Duncan has now told me that there are more like 250 paying rapid chargers, so I should reduce my estimate by a sixth, but I should also boost it by a bit because I think I may have included some free slow ones in my list. And I should reduce it because Ikea may not be representative but I should boost it because I’ve assumed that those which had no charges in this 4-day period don’t get any at all… and so on.

So, it’s all rather approximate, which was why I was very vague about the £1-2M estimate. I can certainly be persuaded that it’s at least at the lower end of that! But it’s more data than we had before, at least!

Also do not forget any site host rental charges they incur. That’s a fixed overhead, and OPEX rather than CAPEX. Though these are probably ‘commercially sensitive’, I gather that some site hosts require no persuasion to let Ecotricity put chargers on their site, and others probably charge a fair bit more rent. There’s standing charges for a high current three-phase electricity supply that they (even as a retail electricity supplier) have to pay to the local DNO. That would be OPEX too.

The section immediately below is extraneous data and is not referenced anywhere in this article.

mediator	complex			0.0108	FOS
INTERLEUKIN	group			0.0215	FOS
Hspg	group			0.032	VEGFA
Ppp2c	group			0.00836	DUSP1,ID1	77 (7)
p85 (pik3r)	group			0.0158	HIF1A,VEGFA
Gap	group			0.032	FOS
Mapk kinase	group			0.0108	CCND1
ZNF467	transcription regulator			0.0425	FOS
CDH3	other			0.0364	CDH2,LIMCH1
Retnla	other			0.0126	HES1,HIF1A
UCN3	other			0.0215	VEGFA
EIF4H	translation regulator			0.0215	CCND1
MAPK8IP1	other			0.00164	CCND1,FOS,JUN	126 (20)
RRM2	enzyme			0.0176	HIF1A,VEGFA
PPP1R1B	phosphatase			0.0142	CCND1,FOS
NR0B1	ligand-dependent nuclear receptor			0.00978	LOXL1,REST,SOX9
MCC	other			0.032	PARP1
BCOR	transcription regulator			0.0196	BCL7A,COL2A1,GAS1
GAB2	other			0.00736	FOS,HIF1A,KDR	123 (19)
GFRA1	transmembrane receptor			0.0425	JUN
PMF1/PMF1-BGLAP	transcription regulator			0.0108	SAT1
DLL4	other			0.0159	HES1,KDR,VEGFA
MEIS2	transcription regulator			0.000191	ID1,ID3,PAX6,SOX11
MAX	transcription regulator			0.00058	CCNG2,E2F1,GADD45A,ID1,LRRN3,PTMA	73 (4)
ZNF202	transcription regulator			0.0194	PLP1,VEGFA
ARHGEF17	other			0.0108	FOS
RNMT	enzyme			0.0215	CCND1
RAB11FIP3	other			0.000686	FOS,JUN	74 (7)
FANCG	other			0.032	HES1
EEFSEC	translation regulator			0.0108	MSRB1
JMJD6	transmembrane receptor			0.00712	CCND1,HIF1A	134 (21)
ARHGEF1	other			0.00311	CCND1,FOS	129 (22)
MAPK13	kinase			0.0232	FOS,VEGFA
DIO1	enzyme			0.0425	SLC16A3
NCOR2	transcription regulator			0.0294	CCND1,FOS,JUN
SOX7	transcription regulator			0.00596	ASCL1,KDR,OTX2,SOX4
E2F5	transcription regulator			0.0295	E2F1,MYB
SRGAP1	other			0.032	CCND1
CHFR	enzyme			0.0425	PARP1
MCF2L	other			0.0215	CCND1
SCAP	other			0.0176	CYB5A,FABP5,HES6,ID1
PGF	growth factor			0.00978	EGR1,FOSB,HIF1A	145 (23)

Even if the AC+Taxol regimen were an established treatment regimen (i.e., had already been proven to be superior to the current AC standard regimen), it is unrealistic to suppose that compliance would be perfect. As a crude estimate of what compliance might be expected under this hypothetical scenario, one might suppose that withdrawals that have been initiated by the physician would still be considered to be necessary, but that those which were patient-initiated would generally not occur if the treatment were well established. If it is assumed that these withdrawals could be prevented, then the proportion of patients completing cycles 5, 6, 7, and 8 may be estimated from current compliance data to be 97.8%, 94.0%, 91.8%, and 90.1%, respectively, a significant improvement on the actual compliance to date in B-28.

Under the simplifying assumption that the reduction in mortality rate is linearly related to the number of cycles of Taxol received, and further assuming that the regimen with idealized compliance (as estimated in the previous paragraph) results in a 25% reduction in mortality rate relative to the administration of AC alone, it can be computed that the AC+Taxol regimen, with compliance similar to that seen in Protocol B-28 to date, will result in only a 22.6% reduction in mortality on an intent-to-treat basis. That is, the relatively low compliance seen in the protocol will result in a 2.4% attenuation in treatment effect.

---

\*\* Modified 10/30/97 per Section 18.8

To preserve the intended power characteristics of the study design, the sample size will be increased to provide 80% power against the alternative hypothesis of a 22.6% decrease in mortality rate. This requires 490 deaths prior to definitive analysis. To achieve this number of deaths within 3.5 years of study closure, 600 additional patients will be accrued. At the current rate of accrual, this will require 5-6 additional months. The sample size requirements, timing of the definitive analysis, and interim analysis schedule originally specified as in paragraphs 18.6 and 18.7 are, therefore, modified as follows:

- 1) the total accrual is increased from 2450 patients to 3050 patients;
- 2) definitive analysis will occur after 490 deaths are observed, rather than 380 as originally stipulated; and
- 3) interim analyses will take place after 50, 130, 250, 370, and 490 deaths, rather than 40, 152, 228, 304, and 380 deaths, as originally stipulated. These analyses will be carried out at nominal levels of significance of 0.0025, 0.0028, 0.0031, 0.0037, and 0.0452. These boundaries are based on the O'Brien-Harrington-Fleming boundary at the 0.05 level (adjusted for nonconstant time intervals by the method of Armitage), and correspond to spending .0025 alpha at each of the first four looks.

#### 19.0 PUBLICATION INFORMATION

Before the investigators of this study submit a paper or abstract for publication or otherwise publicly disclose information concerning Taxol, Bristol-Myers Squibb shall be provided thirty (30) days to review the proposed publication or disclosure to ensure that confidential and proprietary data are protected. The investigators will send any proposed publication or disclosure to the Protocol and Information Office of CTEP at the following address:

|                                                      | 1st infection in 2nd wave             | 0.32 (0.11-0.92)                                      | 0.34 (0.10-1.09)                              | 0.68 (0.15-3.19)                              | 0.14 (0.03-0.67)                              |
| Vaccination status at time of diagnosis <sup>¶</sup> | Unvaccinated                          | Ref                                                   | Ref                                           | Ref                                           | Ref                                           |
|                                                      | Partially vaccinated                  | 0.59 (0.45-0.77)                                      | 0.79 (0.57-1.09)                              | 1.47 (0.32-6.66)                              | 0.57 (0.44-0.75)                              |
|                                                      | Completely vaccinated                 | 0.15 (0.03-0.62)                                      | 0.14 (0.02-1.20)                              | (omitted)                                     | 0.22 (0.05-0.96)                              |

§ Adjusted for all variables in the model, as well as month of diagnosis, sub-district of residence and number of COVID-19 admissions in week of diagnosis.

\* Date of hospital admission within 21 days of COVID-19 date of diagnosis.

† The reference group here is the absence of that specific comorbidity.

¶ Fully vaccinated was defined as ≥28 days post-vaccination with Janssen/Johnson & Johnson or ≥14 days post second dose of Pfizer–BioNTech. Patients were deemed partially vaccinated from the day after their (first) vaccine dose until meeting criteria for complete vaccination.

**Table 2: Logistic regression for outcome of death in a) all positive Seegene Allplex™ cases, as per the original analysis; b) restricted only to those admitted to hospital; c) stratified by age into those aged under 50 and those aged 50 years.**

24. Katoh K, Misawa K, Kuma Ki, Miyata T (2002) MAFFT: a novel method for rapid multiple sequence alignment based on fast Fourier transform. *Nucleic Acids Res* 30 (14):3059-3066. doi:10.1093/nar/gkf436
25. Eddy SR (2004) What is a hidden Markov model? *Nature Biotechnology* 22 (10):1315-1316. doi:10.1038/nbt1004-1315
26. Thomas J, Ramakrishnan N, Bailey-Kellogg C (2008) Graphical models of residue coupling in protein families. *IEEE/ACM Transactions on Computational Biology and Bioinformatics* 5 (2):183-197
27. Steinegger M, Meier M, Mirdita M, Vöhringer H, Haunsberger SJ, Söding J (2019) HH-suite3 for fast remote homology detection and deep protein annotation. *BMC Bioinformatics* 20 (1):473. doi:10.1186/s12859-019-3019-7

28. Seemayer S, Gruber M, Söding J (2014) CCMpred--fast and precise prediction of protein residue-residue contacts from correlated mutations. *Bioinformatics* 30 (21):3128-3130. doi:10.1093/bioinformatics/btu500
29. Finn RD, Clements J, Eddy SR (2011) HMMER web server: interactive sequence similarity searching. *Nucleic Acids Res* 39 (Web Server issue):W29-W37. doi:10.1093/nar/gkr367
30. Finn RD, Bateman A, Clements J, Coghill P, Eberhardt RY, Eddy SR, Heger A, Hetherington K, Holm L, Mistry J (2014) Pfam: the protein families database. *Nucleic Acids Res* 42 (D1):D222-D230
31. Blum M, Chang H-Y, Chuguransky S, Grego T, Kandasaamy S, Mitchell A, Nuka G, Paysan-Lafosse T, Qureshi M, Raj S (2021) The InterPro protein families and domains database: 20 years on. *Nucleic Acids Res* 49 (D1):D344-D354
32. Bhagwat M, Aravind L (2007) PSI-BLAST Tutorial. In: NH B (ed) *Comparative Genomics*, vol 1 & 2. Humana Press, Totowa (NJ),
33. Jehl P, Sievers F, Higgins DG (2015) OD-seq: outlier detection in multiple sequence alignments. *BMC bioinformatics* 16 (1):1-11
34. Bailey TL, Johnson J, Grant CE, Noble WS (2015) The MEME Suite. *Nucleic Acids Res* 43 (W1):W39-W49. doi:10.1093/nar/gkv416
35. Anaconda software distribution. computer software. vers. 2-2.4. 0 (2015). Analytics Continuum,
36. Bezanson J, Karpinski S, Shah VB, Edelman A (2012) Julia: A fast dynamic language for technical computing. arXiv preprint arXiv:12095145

OPEX costs also include staffing, both front office and back office, and of course, repair costs – either ad-hoc or contracted. It’s been reasonably well documented how difficult the DBT units are to work on and debug, often requiring site visits for things that can be done remotely with other designs.

[…] not sure the figures have ever been made public. In 2016, they started charging for charging, and I did some crude analysis and defended the pricing, which some people thought too high. Still I doubt they’ve ever made any significant money on it, and it was probably a loss-leader, […]